Contrary to expectation, the implementation of Medicaid managed care in New Mexico in the 1990s was associated with significantly decreased immunization coverage for basic childhood vaccination series. An article by University of New Mexico (UNM) researchers, "Immunization Coverage and Medicaid Managed Care in New Mexic A Multimethod Assessment published in the February issue of Annals of Family Medicine, used innovated research techniques to examine the root causes behind that decline.

According to data from the National Immunization Survey, following the policy change, vaccination rates fell from 80 percent in 1996 to 73 percent in 2001, among the lowest in the nation, said Howard Waitzkin, M.D., Ph.D., corresponding author for the study and professor within the UNM School of Medicine Department of Family and Community Medicine. That reduction of eight to ten percent each year translated into 3,000-4,000 additional children who did not receive immunizations in a given year. Estimates for 2002 indicated that New Mexico ranked next to the lowest among states in immunization rates.

The researchers combined statistical analysis with interviews of healthcare providers, patients, families and community activists throughout the state. The combination of quantitative and qualitative research methods used in the research "allow the investigator to address practice and policy issues from the point of view of both numbers and narratives; they add rigor," according to an editorial analyzing the UNM research that appeared in the same issue of the journal.

Although the researchers could not fully determine the causal impact of Medicaid managed care, their findings suggest that the new policy played a significant role in initiating complex systems-level changes associated with declining immunizations. The study findings point to a number of conditions that might have contributed to the decreased immunization coverage:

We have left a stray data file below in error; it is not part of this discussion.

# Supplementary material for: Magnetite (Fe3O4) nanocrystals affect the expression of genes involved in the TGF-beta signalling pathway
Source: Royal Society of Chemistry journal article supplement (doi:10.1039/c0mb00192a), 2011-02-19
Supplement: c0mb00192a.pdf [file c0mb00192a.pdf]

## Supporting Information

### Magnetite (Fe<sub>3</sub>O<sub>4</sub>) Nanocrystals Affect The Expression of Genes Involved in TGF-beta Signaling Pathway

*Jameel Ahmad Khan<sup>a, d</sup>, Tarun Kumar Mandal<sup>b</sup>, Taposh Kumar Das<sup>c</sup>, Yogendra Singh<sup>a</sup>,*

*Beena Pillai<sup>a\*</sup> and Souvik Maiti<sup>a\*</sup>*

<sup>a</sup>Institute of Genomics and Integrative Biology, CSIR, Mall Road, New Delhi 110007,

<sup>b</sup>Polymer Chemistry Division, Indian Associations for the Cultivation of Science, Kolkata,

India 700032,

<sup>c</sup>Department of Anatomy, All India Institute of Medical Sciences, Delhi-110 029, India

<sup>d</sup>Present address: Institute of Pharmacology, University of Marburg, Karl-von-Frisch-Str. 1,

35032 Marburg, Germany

·        a reduction in funding to state-run public health clinics where many of the most vulnerable patients received their care, and difficulty gaining access to Medicaid managed care providers;

·        increased informal referrals by private physicians and managed care organizations to community health centers and state-run public health clinics; and

·        increased workloads and delays at community health centers linked partly to the informal referrals for immunizations.

Based on New Mexico's experience with Medicaid managed care, the authors caution policy makers about the unanticipated and adverse consequences that seemingly narrow policy changes can have on complex systems. They advise policy makers to consider the direct and indirect effects of Medicaid reform on safety net institutions responsible for immunizations and other necessary preventive services.

UNM Health Sciences Center Vice President R. Philip Eaton pointed out that the study "describes a snapshot in time that precedes the current state of immunizations in New Mexico.

"Last Fall, the University of New Mexico Health Sciences Center joined forces with the Office Of the First Lady of New Mexico and the New Mexico Department of Health to support the efforts of the New Mexico Immunization Coalition (NMIC)," he said. The NMIC was formed in December 2002 and includes many public and private partners, including clinicians, Salud providers, medical societies, school nurses, social service agencies, child care agencies, advocacy agencies, pharmaceutical companies, service clubs, local immunization coalitions and many state agencies.

"First Lady Barbara Richardson has taken on immunizations as one of her priority areas and serves as the honorary co-chair for the statewide coalition," said Eaton. "The NMIC is working to rapidly to improve New Mexico's immunization rates.  With the participation of so many agencies and individuals, and the backing of decision makers, we expect to make great strides in protecting New Mexico's children over the next few years."


Contact: Cindy Foster, 272-3322